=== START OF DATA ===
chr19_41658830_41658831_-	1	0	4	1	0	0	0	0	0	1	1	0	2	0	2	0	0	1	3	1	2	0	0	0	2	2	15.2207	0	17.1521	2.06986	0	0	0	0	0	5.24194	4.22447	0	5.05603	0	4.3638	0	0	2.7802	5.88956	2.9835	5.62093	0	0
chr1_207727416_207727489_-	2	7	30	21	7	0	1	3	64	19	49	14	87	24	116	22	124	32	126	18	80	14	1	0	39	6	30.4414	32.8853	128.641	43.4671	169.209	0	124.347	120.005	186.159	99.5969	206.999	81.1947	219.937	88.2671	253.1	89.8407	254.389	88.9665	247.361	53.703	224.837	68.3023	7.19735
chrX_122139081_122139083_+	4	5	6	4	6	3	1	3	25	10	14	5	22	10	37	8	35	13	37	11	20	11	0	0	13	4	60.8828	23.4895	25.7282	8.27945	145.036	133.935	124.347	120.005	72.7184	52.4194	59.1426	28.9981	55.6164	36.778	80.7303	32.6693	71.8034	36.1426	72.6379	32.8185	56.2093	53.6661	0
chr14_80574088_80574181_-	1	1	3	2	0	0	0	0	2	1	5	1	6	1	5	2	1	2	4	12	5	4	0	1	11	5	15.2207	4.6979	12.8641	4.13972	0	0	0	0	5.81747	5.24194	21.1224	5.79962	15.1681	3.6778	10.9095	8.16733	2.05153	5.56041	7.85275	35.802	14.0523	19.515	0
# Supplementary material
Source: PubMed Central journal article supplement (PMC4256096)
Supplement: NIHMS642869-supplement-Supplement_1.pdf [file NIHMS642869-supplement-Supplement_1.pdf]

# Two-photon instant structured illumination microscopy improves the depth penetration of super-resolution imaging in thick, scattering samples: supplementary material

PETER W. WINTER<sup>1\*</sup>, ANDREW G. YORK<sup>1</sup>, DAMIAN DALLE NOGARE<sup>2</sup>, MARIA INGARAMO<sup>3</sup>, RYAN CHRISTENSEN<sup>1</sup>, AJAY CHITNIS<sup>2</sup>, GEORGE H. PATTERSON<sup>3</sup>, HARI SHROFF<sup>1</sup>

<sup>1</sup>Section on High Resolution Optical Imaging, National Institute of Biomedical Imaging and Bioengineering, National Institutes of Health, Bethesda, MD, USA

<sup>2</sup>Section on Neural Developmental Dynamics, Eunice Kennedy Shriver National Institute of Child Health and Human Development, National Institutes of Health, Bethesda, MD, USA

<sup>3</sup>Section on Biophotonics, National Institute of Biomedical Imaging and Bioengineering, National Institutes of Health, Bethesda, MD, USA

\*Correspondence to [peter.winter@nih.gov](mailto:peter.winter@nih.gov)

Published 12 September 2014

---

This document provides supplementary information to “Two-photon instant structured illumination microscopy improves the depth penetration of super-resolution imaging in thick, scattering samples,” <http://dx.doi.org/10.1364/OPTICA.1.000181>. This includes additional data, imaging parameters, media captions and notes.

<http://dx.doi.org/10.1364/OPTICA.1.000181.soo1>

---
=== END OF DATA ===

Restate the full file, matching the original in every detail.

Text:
chr19_41658830_41658831_-	1	0	4	1	0	0	0	0	0	1	1	0	2	0	2	0	0	1	3	1	2	0	0	0	2	2	15.2207	0	17.1521	2.06986	0	0	0	0	0	5.24194	4.22447	0	5.05603	0	4.3638	0	0	2.7802	5.88956	2.9835	5.62093	0	0
chr1_207727416_207727489_-	2	7	30	21	7	0	1	3	64	19	49	14	87	24	116	22	124	32	126	18	80	14	1	0	39	6	30.4414	32.8853	128.641	43.4671	169.209	0	124.347	120.005	186.159	99.5969	206.999	81.1947	219.937	88.2671	253.1	89.8407	254.389	88.9665	247.361	53.703	224.837	68.3023	7.19735
chrX_122139081_122139083_+	4	5	6	4	6	3	1	3	25	10	14	5	22	10	37	8	35	13	37	11	20	11	0	0	13	4	60.8828	23.4895	25.7282	8.27945	145.036	133.935	124.347	120.005	72.7184	52.4194	59.1426	28.9981	55.6164	36.778	80.7303	32.6693	71.8034	36.1426	72.6379	32.8185	56.2093	53.6661	0
chr14_80574088_80574181_-	1	1	3	2	0	0	0	0	2	1	5	1	6	1	5	2	1	2	4	12	5	4	0	1	11	5	15.2207	4.6979	12.8641	4.13972	0	0	0	0	5.81747	5.24194	21.1224	5.79962	15.1681	3.6778	10.9095	8.16733	2.05153	5.56041	7.85275	35.802	14.0523	19.515	0
# Supplementary material
Source: PubMed Central journal article supplement (PMC4256096)
Supplement: NIHMS642869-supplement-Supplement_1.pdf [file NIHMS642869-supplement-Supplement_1.pdf]

# Two-photon instant structured illumination microscopy improves the depth penetration of super-resolution imaging in thick, scattering samples: supplementary material

PETER W. WINTER<sup>1\*</sup>, ANDREW G. YORK<sup>1</sup>, DAMIAN DALLE NOGARE<sup>2</sup>, MARIA INGARAMO<sup>3</sup>, RYAN CHRISTENSEN<sup>1</sup>, AJAY CHITNIS<sup>2</sup>, GEORGE H. PATTERSON<sup>3</sup>, HARI SHROFF<sup>1</sup>

<sup>1</sup>Section on High Resolution Optical Imaging, National Institute of Biomedical Imaging and Bioengineering, National Institutes of Health, Bethesda, MD, USA

<sup>2</sup>Section on Neural Developmental Dynamics, Eunice Kennedy Shriver National Institute of Child Health and Human Development, National Institutes of Health, Bethesda, MD, USA

<sup>3</sup>Section on Biophotonics, National Institute of Biomedical Imaging and Bioengineering, National Institutes of Health, Bethesda, MD, USA

\*Correspondence to [peter.winter@nih.gov](mailto:peter.winter@nih.gov)

Published 12 September 2014

---

This document provides supplementary information to “Two-photon instant structured illumination microscopy improves the depth penetration of super-resolution imaging in thick, scattering samples,” <http://dx.doi.org/10.1364/OPTICA.1.000181>. This includes additional data, imaging parameters, media captions and notes.

<http://dx.doi.org/10.1364/OPTICA.1.000181.soo1>

---